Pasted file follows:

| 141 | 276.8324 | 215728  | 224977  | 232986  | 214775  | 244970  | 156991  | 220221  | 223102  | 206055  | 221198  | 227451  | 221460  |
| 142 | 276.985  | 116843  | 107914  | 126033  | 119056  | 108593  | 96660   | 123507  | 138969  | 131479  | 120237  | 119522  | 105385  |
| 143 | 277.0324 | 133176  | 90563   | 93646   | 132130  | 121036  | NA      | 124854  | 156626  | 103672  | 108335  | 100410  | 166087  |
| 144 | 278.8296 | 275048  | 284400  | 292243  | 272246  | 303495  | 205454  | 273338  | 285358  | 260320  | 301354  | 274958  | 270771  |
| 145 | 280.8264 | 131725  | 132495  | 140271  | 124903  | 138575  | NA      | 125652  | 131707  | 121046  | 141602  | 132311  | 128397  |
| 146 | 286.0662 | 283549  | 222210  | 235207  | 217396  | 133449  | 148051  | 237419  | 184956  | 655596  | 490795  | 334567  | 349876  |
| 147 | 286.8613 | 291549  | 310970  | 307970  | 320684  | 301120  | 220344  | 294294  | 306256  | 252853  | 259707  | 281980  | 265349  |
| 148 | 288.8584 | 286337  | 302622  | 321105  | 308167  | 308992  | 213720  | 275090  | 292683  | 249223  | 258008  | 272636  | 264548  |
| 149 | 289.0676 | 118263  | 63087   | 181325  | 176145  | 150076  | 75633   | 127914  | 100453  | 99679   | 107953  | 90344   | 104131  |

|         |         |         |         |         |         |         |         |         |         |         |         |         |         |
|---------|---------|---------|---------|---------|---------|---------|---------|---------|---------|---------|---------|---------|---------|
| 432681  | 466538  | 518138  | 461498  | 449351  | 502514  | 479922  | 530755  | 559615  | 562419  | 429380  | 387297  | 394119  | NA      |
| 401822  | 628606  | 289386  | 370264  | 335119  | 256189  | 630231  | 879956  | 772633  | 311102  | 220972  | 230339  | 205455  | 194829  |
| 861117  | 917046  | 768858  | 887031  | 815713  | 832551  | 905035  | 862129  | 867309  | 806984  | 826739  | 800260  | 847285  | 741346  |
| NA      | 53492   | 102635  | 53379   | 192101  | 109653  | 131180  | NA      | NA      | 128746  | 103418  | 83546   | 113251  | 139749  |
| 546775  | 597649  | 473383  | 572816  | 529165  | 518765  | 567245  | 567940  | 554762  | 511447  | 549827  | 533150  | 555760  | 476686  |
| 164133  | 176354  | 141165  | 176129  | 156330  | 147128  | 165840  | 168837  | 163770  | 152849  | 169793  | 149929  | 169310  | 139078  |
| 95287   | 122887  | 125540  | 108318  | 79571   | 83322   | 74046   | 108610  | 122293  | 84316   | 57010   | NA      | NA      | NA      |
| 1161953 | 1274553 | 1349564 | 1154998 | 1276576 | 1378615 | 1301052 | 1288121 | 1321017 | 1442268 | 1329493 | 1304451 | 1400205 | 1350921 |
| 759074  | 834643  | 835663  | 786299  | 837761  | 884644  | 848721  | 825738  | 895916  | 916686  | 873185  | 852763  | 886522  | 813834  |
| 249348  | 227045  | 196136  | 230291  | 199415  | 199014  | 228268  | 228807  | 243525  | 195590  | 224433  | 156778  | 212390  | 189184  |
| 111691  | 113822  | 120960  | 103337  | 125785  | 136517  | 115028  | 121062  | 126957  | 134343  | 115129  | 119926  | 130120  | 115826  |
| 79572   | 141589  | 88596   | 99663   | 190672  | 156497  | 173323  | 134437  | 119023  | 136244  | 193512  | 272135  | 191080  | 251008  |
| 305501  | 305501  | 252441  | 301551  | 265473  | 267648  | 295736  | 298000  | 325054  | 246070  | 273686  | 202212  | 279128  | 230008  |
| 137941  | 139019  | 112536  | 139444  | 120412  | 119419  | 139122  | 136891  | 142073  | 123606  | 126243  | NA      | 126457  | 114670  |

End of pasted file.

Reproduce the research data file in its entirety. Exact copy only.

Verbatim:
| 141 | 276.8324 | 215728  | 224977  | 232986  | 214775  | 244970  | 156991  | 220221  | 223102  | 206055  | 221198  | 227451  | 221460  |
| 142 | 276.985  | 116843  | 107914  | 126033  | 119056  | 108593  | 96660   | 123507  | 138969  | 131479  | 120237  | 119522  | 105385  |
| 143 | 277.0324 | 133176  | 90563   | 93646   | 132130  | 121036  | NA      | 124854  | 156626  | 103672  | 108335  | 100410  | 166087  |
| 144 | 278.8296 | 275048  | 284400  | 292243  | 272246  | 303495  | 205454  | 273338  | 285358  | 260320  | 301354  | 274958  | 270771  |
| 145 | 280.8264 | 131725  | 132495  | 140271  | 124903  | 138575  | NA      | 125652  | 131707  | 121046  | 141602  | 132311  | 128397  |
| 146 | 286.0662 | 283549  | 222210  | 235207  | 217396  | 133449  | 148051  | 237419  | 184956  | 655596  | 490795  | 334567  | 349876  |
| 147 | 286.8613 | 291549  | 310970  | 307970  | 320684  | 301120  | 220344  | 294294  | 306256  | 252853  | 259707  | 281980  | 265349  |
| 148 | 288.8584 | 286337  | 302622  | 321105  | 308167  | 308992  | 213720  | 275090  | 292683  | 249223  | 258008  | 272636  | 264548  |
| 149 | 289.0676 | 118263  | 63087   | 181325  | 176145  | 150076  | 75633   | 127914  | 100453  | 99679   | 107953  | 90344   | 104131  |

|         |         |         |         |         |         |         |         |         |         |         |         |         |         |
|---------|---------|---------|---------|---------|---------|---------|---------|---------|---------|---------|---------|---------|---------|
| 432681  | 466538  | 518138  | 461498  | 449351  | 502514  | 479922  | 530755  | 559615  | 562419  | 429380  | 387297  | 394119  | NA      |
| 401822  | 628606  | 289386  | 370264  | 335119  | 256189  | 630231  | 879956  | 772633  | 311102  | 220972  | 230339  | 205455  | 194829  |
| 861117  | 917046  | 768858  | 887031  | 815713  | 832551  | 905035  | 862129  | 867309  | 806984  | 826739  | 800260  | 847285  | 741346  |
| NA      | 53492   | 102635  | 53379   | 192101  | 109653  | 131180  | NA      | NA      | 128746  | 103418  | 83546   | 113251  | 139749  |
| 546775  | 597649  | 473383  | 572816  | 529165  | 518765  | 567245  | 567940  | 554762  | 511447  | 549827  | 533150  | 555760  | 476686  |
| 164133  | 176354  | 141165  | 176129  | 156330  | 147128  | 165840  | 168837  | 163770  | 152849  | 169793  | 149929  | 169310  | 139078  |
| 95287   | 122887  | 125540  | 108318  | 79571   | 83322   | 74046   | 108610  | 122293  | 84316   | 57010   | NA      | NA      | NA      |
| 1161953 | 1274553 | 1349564 | 1154998 | 1276576 | 1378615 | 1301052 | 1288121 | 1321017 | 1442268 | 1329493 | 1304451 | 1400205 | 1350921 |
| 759074  | 834643  | 835663  | 786299  | 837761  | 884644  | 848721  | 825738  | 895916  | 916686  | 873185  | 852763  | 886522  | 813834  |
| 249348  | 227045  | 196136  | 230291  | 199415  | 199014  | 228268  | 228807  | 243525  | 195590  | 224433  | 156778  | 212390  | 189184  |
| 111691  | 113822  | 120960  | 103337  | 125785  | 136517  | 115028  | 121062  | 126957  | 134343  | 115129  | 119926  | 130120  | 115826  |
| 79572   | 141589  | 88596   | 99663   | 190672  | 156497  | 173323  | 134437  | 119023  | 136244  | 193512  | 272135  | 191080  | 251008  |
| 305501  | 305501  | 252441  | 301551  | 265473  | 267648  | 295736  | 298000  | 325054  | 246070  | 273686  | 202212  | 279128  | 230008  |
| 137941  | 139019  | 112536  | 139444  | 120412  | 119419  | 139122  | 136891  | 142073  | 123606  | 126243  | NA      | 126457  | 114670  |